This F25A took about 2 years for the three hulls (part-time of course) but in this case, the three hulls were immaculately finished by a perfectionist (see later photo) and THAT can really burn up the hours. But, other than the sanding and fairing, strip cedar construction is an enjoyable and rewarding experience. You can probably save about 30% on hull material cost by making your own strips, but if they are not made well, you can take a LOT more hours to fit and fair them so each builder needs to carefully and honestly evaluate their personal abilities. As for all hull construction methods, regardless of the time taken, this part of the building is STILL a small part of the total so even if this system took TWICE as long as another, the additional percentage overall would be closer to 20%.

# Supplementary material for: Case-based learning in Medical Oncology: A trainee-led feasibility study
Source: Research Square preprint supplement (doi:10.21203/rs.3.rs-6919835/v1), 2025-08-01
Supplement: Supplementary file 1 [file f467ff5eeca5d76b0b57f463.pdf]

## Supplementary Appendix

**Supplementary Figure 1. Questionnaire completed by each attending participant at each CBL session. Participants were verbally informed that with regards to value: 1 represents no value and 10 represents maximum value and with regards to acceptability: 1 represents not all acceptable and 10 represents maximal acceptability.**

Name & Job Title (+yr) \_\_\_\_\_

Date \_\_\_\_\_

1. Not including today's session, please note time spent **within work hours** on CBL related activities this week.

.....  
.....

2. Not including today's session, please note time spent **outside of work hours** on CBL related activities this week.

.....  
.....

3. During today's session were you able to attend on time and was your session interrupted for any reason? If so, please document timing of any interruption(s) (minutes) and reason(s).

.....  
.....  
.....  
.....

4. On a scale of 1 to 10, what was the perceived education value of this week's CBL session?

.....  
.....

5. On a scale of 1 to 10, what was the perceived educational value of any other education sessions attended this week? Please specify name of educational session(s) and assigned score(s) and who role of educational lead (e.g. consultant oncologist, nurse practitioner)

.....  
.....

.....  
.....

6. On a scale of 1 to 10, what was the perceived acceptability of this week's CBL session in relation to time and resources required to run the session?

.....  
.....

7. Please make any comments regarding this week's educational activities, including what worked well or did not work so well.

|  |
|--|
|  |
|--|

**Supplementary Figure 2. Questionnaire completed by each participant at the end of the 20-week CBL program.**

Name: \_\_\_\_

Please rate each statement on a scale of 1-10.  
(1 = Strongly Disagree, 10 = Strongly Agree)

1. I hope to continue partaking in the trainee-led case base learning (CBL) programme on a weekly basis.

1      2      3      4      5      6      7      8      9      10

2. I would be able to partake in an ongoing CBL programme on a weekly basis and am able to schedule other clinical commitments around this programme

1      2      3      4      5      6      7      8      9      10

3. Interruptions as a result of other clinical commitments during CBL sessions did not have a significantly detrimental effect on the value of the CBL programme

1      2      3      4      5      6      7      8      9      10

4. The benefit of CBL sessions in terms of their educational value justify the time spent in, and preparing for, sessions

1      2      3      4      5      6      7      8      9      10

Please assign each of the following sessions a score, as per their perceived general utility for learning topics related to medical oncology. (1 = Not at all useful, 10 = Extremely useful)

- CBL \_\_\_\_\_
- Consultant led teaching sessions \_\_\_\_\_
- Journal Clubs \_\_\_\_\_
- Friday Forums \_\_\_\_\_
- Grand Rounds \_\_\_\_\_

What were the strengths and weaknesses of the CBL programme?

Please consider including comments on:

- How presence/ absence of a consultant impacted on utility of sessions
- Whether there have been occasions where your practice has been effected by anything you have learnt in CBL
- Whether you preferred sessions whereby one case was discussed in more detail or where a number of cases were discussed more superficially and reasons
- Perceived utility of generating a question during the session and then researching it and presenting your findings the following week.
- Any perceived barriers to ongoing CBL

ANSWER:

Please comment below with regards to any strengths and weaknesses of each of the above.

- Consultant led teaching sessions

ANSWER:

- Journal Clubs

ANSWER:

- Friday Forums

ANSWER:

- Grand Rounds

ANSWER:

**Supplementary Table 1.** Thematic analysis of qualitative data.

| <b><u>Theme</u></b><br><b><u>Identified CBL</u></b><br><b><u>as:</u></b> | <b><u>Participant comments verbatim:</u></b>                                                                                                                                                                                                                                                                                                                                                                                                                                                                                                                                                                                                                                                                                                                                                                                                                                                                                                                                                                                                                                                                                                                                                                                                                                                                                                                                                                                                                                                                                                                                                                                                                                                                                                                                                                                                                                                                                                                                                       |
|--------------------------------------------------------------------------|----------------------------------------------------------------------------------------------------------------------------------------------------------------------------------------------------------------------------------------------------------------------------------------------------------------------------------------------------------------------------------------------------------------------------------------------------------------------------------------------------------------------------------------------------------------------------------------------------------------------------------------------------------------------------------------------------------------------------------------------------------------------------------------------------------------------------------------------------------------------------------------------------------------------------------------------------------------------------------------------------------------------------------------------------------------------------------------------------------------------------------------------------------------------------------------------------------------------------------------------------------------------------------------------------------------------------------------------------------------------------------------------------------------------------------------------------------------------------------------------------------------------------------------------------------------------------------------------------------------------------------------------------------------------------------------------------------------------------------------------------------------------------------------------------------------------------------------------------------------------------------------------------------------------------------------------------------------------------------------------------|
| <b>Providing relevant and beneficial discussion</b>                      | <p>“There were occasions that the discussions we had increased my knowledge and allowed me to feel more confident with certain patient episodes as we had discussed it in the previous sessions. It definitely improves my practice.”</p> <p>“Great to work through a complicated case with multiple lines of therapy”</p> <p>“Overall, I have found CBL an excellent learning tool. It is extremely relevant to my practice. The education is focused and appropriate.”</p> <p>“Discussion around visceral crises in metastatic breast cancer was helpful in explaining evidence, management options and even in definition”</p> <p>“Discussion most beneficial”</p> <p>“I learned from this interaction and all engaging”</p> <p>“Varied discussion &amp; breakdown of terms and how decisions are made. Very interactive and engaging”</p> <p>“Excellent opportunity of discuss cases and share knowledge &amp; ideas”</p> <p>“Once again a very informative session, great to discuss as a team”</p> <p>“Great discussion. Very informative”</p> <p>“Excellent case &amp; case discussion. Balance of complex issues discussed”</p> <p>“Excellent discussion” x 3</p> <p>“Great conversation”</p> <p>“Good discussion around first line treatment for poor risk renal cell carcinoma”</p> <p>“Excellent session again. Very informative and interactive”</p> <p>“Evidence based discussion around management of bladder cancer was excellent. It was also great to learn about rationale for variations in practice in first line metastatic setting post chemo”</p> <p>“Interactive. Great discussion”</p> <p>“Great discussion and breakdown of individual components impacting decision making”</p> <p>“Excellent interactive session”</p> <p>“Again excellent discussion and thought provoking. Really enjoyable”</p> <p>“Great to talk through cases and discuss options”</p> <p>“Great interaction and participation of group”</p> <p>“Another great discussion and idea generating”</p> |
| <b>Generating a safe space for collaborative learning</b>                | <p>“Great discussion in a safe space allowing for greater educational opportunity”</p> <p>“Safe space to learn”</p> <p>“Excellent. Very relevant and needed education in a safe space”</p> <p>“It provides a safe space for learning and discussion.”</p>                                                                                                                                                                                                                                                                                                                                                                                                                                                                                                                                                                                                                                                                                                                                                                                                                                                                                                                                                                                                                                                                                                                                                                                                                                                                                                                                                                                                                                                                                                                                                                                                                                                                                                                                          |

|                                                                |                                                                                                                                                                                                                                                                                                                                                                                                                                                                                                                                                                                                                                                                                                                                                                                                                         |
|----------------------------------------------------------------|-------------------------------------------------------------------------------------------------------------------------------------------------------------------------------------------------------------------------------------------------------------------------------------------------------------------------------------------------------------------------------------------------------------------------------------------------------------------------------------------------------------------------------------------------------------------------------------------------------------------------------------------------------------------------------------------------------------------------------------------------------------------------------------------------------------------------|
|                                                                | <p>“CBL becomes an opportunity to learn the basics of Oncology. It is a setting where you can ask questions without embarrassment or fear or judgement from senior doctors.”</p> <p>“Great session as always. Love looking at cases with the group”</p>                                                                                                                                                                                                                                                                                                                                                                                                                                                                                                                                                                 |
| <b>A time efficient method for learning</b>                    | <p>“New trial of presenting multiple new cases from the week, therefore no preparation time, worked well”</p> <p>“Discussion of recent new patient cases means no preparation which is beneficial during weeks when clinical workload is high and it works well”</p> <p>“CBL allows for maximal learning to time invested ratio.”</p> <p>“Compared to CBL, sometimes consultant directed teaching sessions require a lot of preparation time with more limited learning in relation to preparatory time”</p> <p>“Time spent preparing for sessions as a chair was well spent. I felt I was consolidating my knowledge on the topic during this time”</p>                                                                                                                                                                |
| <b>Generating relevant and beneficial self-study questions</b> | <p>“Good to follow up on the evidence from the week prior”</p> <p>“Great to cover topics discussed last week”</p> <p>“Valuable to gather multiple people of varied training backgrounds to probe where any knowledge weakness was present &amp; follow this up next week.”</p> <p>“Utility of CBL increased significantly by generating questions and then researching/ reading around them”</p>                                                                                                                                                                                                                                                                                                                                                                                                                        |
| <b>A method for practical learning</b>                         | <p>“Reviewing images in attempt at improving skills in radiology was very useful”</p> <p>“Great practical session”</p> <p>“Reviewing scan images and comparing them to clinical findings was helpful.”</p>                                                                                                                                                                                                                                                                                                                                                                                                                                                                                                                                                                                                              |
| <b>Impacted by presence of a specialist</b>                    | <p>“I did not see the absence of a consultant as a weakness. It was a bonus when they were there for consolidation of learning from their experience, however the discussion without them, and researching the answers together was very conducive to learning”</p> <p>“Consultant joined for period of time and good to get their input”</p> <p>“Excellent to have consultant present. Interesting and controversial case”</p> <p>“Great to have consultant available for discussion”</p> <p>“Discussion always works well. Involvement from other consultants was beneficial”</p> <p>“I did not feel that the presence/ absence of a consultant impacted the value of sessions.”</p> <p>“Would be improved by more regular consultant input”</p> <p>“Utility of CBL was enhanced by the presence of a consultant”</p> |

So the advantages of this system are these:
The disadvantages are:
But if the work IS put into it, the results can be totally professional. Look at the fine finish on these hulls by first time builder Mike Wright.
Woods for Strip planking
We have become aware of an interesting new wood option for strip-planking. It's called Kiri (or Paulownia)) and comes from China, with initial exports presently going to Australia. Sooner or later it will reach North America and then we can do some comparative testing. For now the early feedback from Australia is good, as over there this wood is generally less expensive than their imported red cedar. Its estimated 15-20% lower strength will rarely be a problem as a core material, except that in areas of high compression, it might be prudent to use a denser wood, rather as you would with a foam core. (Even with a cedar core, it's advisable to use plywood inserts in way of winches and cleats etc.)